In times of Russian war I read a newspaper called Novaya Gazeta. Its editor, Dmitri Muratov, won the Nobel Peace Prize last year (along with Maria Ressa). Muratov dedicated it to the memory of the reporters of the journal who have been murdered for their work.
Its journalists go to the front when that is humanly possible. Much of what we know about the last Russian invasion of Ukraine, in 2014, we learned from Novaya Gazeta. This time around, as the war began, Novaya Gazeta also began to file reports: on Ukrainian refugees and Ukrainian men going to war, on Russian family members seeking missing sons, on the destruction of Ukrainian cities.
Since Friday those reports are gone. Novaya Gazeta still exists, but it has been forced to remove war reporting from its website. Russian war censorship includes a ban on the use of the word "war.” Novaya Gazeta circumvented that for a little while by using euphemisms with an asterisk explaining that it could not use the word "war." But now the war reporting itself is absent. Muratov took this decision in the hope of preserving the newspaper itself.
Of the articles I had been planning to reread, only one still remained: about how Russian schools were reacting to the war. It is a chronicle recording questions from parents, responses from school officials, and government guidance, which is rather interesting. In the school your children attend there is probably a lesson about "critical thinking" in the use of the internet. It turns out that this lesson is also taught in Russia, with the twist that "critical thinking" means treating the pronouncements of Russia's president as the most reliable source.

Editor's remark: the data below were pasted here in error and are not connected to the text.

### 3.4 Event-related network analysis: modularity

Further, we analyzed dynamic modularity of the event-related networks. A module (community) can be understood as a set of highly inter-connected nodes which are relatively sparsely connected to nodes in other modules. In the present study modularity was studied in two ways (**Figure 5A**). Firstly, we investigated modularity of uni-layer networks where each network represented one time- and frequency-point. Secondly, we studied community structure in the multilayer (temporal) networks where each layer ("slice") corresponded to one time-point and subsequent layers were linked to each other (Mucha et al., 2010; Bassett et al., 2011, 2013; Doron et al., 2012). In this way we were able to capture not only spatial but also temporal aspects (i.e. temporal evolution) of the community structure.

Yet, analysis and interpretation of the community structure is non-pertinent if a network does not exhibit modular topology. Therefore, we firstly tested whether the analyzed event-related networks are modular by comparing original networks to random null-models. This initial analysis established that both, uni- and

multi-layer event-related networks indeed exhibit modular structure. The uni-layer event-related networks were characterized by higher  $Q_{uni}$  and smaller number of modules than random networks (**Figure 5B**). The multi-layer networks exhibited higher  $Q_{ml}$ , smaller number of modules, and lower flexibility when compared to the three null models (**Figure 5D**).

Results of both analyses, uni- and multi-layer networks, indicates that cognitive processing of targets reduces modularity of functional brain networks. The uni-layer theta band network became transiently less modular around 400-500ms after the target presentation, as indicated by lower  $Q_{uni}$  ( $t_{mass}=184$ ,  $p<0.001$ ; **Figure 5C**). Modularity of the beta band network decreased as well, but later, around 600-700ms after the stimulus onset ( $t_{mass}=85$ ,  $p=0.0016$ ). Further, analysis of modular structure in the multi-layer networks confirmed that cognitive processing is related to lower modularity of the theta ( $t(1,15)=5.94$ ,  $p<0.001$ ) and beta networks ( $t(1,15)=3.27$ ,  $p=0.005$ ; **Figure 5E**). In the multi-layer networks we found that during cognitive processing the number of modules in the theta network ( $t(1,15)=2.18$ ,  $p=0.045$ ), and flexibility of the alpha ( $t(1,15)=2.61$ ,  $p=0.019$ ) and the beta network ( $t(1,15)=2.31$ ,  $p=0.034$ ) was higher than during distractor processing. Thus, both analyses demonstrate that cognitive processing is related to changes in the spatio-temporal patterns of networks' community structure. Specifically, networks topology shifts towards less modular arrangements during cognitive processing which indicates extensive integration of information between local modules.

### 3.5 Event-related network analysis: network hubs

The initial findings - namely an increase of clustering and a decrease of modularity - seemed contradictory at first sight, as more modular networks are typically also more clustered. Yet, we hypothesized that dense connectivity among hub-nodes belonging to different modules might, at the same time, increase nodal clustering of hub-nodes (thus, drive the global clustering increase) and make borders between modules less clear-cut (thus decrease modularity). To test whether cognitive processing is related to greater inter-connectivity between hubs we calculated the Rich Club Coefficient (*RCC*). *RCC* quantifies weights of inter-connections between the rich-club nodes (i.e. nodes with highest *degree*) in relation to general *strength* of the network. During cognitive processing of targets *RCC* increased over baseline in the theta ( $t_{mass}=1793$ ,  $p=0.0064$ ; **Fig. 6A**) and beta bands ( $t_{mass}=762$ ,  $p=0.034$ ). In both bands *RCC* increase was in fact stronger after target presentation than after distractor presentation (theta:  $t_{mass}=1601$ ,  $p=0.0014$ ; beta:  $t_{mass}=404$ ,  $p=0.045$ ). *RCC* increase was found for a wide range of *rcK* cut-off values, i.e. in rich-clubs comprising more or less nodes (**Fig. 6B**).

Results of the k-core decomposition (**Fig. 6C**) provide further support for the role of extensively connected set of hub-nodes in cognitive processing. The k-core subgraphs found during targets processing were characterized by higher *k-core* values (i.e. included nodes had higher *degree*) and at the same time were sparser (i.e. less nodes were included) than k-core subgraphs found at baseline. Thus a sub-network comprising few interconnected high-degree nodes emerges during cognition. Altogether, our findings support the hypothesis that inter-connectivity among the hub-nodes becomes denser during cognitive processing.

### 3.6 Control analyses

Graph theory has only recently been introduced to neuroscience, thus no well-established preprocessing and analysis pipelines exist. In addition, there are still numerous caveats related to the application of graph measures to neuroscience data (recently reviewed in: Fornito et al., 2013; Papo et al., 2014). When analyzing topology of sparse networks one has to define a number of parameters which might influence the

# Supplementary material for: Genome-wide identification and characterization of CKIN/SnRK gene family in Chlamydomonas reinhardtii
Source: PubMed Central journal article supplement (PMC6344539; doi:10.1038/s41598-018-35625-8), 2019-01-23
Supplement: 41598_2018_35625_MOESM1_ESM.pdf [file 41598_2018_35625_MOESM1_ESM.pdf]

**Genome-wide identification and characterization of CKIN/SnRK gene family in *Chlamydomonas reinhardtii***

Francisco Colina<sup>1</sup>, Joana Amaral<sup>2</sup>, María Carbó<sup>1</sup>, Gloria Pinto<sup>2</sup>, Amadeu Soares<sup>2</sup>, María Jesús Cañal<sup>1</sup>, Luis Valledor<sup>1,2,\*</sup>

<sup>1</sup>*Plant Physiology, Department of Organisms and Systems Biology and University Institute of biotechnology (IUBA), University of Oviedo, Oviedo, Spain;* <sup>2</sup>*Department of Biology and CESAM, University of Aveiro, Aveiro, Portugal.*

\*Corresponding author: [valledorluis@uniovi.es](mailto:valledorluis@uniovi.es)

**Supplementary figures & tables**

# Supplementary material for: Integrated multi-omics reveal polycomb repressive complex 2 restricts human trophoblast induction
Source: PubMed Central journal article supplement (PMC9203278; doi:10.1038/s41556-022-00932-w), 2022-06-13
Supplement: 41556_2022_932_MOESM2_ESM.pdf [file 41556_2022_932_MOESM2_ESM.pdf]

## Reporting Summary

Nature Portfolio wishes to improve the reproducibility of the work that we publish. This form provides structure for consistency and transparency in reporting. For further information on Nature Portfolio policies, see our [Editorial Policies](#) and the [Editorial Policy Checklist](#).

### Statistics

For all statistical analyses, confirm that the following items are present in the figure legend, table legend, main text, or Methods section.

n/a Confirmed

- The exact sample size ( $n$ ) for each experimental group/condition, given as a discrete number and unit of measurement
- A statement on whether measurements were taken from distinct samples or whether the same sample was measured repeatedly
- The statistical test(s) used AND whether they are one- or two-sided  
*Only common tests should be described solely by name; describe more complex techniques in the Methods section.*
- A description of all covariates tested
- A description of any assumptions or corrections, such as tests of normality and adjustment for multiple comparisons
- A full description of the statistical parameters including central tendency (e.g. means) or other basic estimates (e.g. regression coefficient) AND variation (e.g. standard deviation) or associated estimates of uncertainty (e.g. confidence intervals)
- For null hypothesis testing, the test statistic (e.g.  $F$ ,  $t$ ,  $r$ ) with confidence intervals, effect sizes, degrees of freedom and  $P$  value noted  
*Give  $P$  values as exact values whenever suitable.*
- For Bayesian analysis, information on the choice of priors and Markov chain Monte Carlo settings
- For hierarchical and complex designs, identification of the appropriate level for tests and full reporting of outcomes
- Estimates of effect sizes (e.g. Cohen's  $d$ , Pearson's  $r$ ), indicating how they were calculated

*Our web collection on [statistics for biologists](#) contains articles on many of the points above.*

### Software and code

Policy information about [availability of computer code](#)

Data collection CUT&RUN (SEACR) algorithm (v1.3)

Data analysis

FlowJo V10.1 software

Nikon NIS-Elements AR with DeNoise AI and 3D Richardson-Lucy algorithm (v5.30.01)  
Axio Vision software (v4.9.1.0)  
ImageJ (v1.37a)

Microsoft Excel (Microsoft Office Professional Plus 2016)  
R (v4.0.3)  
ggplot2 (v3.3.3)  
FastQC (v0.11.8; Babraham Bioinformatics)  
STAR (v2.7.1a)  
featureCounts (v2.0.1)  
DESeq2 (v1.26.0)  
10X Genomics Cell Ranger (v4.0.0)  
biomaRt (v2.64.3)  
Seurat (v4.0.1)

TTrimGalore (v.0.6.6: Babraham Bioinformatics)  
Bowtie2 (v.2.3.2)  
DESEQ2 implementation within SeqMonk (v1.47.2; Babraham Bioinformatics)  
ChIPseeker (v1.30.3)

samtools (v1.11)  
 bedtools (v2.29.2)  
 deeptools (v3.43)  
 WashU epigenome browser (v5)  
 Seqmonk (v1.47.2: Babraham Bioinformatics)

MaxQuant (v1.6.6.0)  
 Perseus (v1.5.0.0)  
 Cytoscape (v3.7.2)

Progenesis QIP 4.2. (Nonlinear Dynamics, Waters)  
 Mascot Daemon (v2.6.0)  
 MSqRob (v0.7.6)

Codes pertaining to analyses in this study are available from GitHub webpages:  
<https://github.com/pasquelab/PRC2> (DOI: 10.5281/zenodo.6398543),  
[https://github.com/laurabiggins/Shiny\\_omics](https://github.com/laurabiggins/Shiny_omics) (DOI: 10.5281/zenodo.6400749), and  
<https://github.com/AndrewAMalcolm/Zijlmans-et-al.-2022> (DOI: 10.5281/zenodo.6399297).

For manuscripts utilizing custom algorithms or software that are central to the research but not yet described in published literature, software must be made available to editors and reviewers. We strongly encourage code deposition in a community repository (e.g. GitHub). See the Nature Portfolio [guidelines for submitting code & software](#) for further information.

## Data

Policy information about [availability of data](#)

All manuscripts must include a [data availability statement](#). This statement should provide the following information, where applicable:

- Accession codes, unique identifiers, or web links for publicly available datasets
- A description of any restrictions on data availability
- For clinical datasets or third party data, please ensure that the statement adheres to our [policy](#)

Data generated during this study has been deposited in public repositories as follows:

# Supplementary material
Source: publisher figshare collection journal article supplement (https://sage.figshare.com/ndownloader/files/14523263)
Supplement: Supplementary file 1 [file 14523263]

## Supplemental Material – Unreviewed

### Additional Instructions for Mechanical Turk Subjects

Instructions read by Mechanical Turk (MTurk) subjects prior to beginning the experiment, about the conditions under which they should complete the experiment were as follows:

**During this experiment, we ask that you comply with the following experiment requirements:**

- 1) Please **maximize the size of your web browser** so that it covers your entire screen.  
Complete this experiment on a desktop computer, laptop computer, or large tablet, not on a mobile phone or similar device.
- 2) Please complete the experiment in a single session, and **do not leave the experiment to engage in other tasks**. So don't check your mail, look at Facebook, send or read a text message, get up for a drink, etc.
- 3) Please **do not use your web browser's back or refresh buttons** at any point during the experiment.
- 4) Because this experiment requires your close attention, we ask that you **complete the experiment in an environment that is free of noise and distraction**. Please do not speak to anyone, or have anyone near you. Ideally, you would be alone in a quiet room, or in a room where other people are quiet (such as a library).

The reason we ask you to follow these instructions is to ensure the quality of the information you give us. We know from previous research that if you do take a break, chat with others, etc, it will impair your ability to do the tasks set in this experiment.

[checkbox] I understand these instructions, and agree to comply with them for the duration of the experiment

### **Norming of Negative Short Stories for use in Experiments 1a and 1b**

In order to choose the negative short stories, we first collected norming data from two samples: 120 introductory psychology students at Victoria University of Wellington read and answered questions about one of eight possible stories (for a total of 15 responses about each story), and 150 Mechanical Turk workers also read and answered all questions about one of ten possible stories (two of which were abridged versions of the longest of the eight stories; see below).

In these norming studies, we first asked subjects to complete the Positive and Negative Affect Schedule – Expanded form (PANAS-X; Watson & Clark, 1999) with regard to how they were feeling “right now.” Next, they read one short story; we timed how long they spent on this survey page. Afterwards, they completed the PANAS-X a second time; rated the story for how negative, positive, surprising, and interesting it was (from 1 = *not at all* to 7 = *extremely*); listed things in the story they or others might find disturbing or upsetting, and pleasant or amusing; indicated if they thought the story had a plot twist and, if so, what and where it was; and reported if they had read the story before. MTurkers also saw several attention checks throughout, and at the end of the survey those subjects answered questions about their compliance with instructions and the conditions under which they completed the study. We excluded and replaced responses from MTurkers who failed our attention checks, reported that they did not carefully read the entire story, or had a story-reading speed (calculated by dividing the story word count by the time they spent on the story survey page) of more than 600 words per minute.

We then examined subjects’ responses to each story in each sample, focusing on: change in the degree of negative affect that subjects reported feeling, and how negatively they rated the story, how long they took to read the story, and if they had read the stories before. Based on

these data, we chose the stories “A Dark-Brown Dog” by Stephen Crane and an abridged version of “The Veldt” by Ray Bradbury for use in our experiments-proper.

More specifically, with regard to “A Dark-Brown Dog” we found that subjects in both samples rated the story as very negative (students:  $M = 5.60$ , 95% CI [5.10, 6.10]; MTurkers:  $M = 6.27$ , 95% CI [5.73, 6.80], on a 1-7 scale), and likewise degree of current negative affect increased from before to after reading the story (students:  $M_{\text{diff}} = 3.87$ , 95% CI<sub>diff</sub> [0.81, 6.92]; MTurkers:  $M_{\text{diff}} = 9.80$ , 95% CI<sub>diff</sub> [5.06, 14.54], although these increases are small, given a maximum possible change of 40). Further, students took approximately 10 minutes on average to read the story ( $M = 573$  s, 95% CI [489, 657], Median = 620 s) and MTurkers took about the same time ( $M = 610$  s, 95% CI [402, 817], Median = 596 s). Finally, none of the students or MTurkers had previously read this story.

This puts everyone in a surreal position when that president begins a murderous war on the basis of foul lies. One approach is to treat them as official truth. A regional school authority, faced with questions from parents about what to do in time of war, issued the guidance that "Vladimir Putin's speech on February 21, 2022" is "the main historical revelation of recent years and a major guide to our our own times."
Those familiar with Soviet history will be struck by that Stalinist tone. The latest speech of the leader is truth. The leader is the authority in all fields, botany, physics, in this case history. Whatever he says determines not only what is knowledge but how we are to see the world around us. We genuflect before his genius.
Lesson plans have been updated to account for some of what the Russian president has said about the war. History is to be taught on the basis of the "unity of the nations of Russia and Ukraine." This echoes the title of a long essay Putin published last July (to which I am not linking because the Kremlin website is still down). Putin has the idea, expressed over the last decade, that God wants Russia and Ukraine to be together eternally because of something that a Viking warlord might have done a thousand years ago, when neither Russia, nor Ukraine, nor for that matter the notion of modern nations existed.
The imagined past enforces a deadened future. A historiosophy that weird can only be made true by a war, which it is used to justify. If Ukrainians don't recognize the truth as revealed to Putin, that means they must be hit harder, killed in greater numbers. Only force can bend a resistant real world towards a lonely dictator's dream of eternity.
That baptism was carried out in Kyiv, and so Putin believes that the Ukrainian capital is the mother of Russian cities. Family metaphors arising from myth have a certain naive brutality. In this war, Kyiv will have to be destroyed to prove that it is Russian. Matricide will prove maternity.